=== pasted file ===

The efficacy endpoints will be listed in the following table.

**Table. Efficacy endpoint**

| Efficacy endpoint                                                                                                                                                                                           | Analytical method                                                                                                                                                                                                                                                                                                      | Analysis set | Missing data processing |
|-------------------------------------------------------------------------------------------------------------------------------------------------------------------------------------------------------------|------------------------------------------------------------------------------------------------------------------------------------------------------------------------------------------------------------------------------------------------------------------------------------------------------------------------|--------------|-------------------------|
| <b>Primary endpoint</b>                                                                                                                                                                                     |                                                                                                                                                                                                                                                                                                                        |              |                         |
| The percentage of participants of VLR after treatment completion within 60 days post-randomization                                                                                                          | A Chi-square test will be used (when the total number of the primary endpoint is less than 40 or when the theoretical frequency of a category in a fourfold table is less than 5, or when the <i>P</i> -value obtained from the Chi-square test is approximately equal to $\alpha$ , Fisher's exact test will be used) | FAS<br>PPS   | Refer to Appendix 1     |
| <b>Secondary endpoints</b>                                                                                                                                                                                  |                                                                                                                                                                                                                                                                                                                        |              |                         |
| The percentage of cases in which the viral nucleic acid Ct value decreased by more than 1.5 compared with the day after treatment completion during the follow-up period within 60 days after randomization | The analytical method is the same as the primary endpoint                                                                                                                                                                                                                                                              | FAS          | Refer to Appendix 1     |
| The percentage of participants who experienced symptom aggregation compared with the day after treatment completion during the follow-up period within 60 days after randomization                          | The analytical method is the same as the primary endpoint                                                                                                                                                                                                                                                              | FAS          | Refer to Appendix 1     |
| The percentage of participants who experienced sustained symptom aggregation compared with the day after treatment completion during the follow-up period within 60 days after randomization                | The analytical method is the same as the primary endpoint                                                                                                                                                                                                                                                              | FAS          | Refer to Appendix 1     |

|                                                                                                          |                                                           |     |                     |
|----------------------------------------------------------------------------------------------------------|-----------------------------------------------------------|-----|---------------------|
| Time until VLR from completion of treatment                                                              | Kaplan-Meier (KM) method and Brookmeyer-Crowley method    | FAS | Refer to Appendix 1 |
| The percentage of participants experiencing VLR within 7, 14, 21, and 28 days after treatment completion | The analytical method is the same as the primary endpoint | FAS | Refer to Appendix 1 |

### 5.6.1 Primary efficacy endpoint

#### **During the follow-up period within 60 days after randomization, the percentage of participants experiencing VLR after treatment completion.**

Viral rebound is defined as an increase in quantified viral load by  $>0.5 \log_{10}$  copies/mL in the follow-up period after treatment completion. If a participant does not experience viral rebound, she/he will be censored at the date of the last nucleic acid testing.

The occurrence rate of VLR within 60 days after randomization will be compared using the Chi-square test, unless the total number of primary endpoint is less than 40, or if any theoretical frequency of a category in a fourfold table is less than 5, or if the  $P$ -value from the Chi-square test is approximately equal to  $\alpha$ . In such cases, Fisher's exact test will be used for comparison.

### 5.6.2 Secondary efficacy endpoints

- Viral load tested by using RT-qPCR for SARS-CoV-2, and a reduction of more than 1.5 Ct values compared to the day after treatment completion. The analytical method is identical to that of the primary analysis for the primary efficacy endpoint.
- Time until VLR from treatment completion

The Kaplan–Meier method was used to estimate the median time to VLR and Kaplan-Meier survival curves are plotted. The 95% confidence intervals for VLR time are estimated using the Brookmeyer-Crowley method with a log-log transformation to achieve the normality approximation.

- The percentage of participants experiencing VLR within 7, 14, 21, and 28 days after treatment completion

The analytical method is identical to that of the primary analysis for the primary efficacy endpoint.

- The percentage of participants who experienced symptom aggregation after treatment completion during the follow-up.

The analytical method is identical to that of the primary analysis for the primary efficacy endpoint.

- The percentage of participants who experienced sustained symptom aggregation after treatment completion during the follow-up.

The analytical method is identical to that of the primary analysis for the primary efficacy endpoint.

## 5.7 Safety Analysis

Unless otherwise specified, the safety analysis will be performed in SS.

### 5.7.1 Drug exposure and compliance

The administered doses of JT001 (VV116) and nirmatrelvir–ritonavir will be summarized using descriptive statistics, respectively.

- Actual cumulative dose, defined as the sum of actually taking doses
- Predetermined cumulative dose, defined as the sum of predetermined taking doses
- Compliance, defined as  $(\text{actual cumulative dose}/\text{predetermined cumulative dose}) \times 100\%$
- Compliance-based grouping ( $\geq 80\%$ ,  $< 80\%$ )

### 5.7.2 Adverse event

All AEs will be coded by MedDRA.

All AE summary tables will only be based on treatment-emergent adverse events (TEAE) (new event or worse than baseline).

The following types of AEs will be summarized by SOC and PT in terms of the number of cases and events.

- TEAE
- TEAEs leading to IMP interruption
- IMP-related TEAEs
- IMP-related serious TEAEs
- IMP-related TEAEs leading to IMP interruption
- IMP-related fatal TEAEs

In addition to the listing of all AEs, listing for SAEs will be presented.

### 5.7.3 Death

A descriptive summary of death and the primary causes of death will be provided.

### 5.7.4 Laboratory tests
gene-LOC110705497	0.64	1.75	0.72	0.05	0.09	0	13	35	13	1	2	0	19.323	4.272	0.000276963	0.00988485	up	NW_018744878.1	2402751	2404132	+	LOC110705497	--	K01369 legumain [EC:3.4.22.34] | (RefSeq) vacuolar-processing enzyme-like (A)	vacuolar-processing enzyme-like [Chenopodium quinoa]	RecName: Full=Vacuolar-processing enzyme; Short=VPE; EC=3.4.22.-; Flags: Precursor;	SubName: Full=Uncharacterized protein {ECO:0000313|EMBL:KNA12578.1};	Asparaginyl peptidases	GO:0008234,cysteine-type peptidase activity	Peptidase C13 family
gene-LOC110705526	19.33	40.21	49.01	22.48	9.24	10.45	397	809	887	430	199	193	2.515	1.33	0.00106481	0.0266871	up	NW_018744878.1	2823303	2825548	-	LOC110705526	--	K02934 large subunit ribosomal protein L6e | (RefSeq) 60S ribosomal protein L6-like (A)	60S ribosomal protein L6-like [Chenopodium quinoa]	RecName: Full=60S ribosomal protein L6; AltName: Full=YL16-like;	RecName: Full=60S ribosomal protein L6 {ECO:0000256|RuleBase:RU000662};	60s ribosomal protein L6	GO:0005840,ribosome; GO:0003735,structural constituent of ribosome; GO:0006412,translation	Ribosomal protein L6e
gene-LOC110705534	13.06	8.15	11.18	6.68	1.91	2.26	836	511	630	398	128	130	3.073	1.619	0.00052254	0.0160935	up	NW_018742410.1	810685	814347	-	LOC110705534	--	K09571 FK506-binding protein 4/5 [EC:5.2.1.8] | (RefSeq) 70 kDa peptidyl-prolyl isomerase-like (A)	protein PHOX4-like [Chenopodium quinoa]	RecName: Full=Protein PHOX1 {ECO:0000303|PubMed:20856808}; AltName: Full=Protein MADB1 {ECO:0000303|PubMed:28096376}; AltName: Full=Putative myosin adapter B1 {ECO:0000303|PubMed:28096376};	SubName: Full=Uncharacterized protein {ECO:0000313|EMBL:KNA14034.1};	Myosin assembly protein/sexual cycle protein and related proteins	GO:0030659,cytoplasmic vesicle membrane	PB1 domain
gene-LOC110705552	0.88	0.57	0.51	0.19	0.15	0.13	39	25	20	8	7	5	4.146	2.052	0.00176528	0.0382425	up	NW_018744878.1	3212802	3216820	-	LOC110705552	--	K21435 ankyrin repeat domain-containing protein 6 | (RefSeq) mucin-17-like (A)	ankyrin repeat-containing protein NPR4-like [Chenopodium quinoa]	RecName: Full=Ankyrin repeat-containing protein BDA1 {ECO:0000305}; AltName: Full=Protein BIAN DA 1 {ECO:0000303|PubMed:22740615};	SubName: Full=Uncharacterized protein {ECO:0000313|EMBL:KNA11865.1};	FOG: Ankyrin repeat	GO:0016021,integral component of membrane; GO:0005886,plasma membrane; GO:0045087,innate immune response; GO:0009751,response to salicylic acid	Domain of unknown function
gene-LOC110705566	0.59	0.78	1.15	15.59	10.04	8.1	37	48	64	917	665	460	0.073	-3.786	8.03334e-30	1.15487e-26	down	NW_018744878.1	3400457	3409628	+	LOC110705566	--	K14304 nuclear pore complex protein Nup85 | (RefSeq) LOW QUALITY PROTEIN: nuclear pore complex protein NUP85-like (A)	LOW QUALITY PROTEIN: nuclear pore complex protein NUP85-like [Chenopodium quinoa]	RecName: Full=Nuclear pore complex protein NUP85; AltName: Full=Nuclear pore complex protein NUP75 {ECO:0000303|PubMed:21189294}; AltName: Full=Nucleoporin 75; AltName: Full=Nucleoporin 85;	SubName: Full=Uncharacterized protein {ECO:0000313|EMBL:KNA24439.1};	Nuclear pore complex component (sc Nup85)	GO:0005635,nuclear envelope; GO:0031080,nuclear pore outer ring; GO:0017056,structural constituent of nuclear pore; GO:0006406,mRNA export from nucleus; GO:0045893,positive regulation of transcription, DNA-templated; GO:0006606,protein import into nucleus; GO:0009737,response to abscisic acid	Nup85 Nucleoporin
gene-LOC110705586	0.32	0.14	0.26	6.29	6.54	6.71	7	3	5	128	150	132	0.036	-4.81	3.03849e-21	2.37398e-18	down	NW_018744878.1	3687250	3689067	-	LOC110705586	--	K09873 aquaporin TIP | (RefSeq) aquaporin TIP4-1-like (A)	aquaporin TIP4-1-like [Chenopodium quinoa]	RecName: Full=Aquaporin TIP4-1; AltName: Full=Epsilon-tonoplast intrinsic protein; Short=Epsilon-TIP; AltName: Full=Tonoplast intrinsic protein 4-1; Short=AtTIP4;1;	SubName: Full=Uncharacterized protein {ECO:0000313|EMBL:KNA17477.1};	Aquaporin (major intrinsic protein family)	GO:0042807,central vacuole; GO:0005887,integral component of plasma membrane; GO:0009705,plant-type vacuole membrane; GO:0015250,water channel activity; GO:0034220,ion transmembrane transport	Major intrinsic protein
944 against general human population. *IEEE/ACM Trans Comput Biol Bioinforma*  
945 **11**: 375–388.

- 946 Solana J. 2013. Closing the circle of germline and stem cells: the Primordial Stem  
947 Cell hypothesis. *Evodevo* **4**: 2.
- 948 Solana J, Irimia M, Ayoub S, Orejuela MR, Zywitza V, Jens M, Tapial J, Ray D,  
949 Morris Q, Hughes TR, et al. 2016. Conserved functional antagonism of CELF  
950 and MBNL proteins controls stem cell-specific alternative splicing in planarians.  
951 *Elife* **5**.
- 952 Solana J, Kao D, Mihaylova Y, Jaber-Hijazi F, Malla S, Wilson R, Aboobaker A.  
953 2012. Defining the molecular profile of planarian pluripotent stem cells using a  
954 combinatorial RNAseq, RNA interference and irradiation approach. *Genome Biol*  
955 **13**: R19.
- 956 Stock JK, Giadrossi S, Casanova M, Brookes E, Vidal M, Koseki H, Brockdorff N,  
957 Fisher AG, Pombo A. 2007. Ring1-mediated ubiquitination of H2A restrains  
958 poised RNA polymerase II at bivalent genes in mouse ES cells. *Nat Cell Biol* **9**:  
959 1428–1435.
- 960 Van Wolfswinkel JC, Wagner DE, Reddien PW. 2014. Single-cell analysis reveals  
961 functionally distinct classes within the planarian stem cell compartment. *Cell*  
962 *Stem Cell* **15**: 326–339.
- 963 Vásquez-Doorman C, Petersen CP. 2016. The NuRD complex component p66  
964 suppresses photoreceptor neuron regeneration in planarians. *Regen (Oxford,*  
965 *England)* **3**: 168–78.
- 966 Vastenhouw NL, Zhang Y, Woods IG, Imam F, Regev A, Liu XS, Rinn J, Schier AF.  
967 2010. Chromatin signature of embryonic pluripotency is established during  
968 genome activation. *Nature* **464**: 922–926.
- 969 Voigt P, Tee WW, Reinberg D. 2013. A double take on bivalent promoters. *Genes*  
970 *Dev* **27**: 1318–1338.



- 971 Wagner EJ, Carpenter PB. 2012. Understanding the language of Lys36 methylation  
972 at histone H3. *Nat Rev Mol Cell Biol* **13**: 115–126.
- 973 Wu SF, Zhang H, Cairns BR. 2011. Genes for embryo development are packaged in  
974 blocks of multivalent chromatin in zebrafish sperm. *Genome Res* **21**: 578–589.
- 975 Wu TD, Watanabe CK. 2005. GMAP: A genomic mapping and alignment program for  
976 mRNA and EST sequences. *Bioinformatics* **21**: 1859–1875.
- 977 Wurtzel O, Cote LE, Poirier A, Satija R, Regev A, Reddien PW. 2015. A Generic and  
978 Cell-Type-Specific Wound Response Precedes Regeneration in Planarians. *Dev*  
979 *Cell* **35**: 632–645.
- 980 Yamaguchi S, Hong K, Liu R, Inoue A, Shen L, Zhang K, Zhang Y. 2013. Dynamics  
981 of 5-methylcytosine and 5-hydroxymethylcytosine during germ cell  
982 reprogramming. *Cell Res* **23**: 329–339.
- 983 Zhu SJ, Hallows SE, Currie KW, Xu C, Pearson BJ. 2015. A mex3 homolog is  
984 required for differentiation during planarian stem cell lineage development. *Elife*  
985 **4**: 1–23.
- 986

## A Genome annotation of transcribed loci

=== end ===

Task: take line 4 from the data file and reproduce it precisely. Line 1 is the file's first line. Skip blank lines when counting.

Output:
|-------------------------------------------------------------------------------------------------------------------------------------------------------------------------------------------------------------|------------------------------------------------------------------------------------------------------------------------------------------------------------------------------------------------------------------------------------------------------------------------------------------------------------------------|--------------|-------------------------|